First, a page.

Colin’s Law

Collin Tastet was just 9 years old when he made hearing-loss history in his home state of North Carolina. On a spring day in 2010, Tastet stood at the elbow of Governor Bev Purdue and watched her sign into law a mandate that would require all state health benefit plans cover hearing aids for children ages 3-21.

When Governor Purdue finished signing the bill, she turned to the boy who had been the lead advocate behind passage of the mandate, and gave him the pen with which she’d signed the bill. Tastet beamed. His year of political lobbying had paid off. “I was, like, very happy,” remembers Tastet, now 11. “All the kids would get the hearing aids that they need.” The bill Tastet helped usher into law requires North Carolina state insurers to cover up to $2,500 for each hearing aid, every three years, until a child is 22.

“All the kids would get the hearing aids that they need.”

Tastet’s efforts illustrate that advocacy for those with hearing loss can start at any age, and unfold in any arena – political, personal or professional. The young Greensboro native, born with moderate-to-severe hearing loss, was lucky. He had received his first pair of hearing aids when he was just an infant, after his father wrote a letter to his company’s chief executive officer and asked that their insurance policy be changed to cover hearing aids. It worked.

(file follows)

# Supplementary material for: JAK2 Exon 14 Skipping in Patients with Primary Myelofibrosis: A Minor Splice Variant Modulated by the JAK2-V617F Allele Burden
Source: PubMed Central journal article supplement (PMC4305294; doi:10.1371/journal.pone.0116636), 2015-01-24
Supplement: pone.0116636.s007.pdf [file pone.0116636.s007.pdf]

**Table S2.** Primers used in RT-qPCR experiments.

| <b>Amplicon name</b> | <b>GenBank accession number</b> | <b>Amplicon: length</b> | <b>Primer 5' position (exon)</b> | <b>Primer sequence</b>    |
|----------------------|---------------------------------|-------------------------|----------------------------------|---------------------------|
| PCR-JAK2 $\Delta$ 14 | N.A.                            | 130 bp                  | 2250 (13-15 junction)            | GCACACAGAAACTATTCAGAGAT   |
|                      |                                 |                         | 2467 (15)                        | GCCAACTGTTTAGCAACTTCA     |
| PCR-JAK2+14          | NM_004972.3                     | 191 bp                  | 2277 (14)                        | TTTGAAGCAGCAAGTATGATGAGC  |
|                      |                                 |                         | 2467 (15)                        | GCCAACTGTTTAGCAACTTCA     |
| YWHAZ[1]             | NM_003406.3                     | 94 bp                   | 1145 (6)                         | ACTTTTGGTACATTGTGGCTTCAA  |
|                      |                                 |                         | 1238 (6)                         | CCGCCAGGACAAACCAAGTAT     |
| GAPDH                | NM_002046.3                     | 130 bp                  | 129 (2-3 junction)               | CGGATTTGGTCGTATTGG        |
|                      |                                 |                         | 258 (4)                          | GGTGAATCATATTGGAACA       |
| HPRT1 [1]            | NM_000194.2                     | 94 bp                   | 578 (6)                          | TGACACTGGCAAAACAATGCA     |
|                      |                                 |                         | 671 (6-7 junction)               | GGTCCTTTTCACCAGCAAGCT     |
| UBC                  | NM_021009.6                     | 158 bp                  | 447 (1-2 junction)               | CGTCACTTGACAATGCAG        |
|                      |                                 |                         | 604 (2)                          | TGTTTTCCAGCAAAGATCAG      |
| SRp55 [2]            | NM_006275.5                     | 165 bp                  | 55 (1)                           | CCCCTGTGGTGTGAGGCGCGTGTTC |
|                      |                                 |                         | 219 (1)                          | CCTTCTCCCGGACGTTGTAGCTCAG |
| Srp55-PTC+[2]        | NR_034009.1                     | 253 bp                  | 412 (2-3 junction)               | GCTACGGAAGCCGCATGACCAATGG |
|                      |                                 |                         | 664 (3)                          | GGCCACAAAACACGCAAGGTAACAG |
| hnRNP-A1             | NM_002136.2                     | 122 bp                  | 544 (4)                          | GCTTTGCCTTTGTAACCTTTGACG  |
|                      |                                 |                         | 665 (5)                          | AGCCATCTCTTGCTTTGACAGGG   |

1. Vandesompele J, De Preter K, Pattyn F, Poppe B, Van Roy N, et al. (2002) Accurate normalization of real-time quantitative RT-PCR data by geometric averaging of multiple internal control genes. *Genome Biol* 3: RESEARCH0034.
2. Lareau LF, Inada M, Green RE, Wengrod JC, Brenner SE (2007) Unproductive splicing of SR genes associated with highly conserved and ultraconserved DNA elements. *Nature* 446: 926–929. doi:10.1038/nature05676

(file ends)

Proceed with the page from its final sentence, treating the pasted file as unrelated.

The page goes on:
When Tastet was 8, he was shocked to learn that there were kids in North Carolina who couldn’t afford hearing aids. That’s when the grade-schooler jumped into political action. Over the course of the next year the boy lobbied state senators and legislators. He made calls; he shook hands; he attended votes on the issue. Most importantly, he educated and never gave up. “In the first meeting I had to give a speech. Then, after that, I kind of said, ‘Hello, will you support this bill?’’’ says Tastet.

The boy’s parents supported their son’s efforts, making sure he didn’t miss any committee meetings or votes on the issue. Tastet’s father was also instrumental in the boy’s letter-writing campaign to members of the North Carolina General Assembly. “My dad would help on that because I didn’t really think I could write something,” says Tastet. “He was kind of my publisher.” Tastet’s mom and dad both credit the boy’s success in school to his early access to sound and, like their son, wanted the same opportunity for all North Carolinian children with hearing loss. Their family commitment is now making a difference in the Tar Heel State.

Editorial Staff
I work at Phonak and write for

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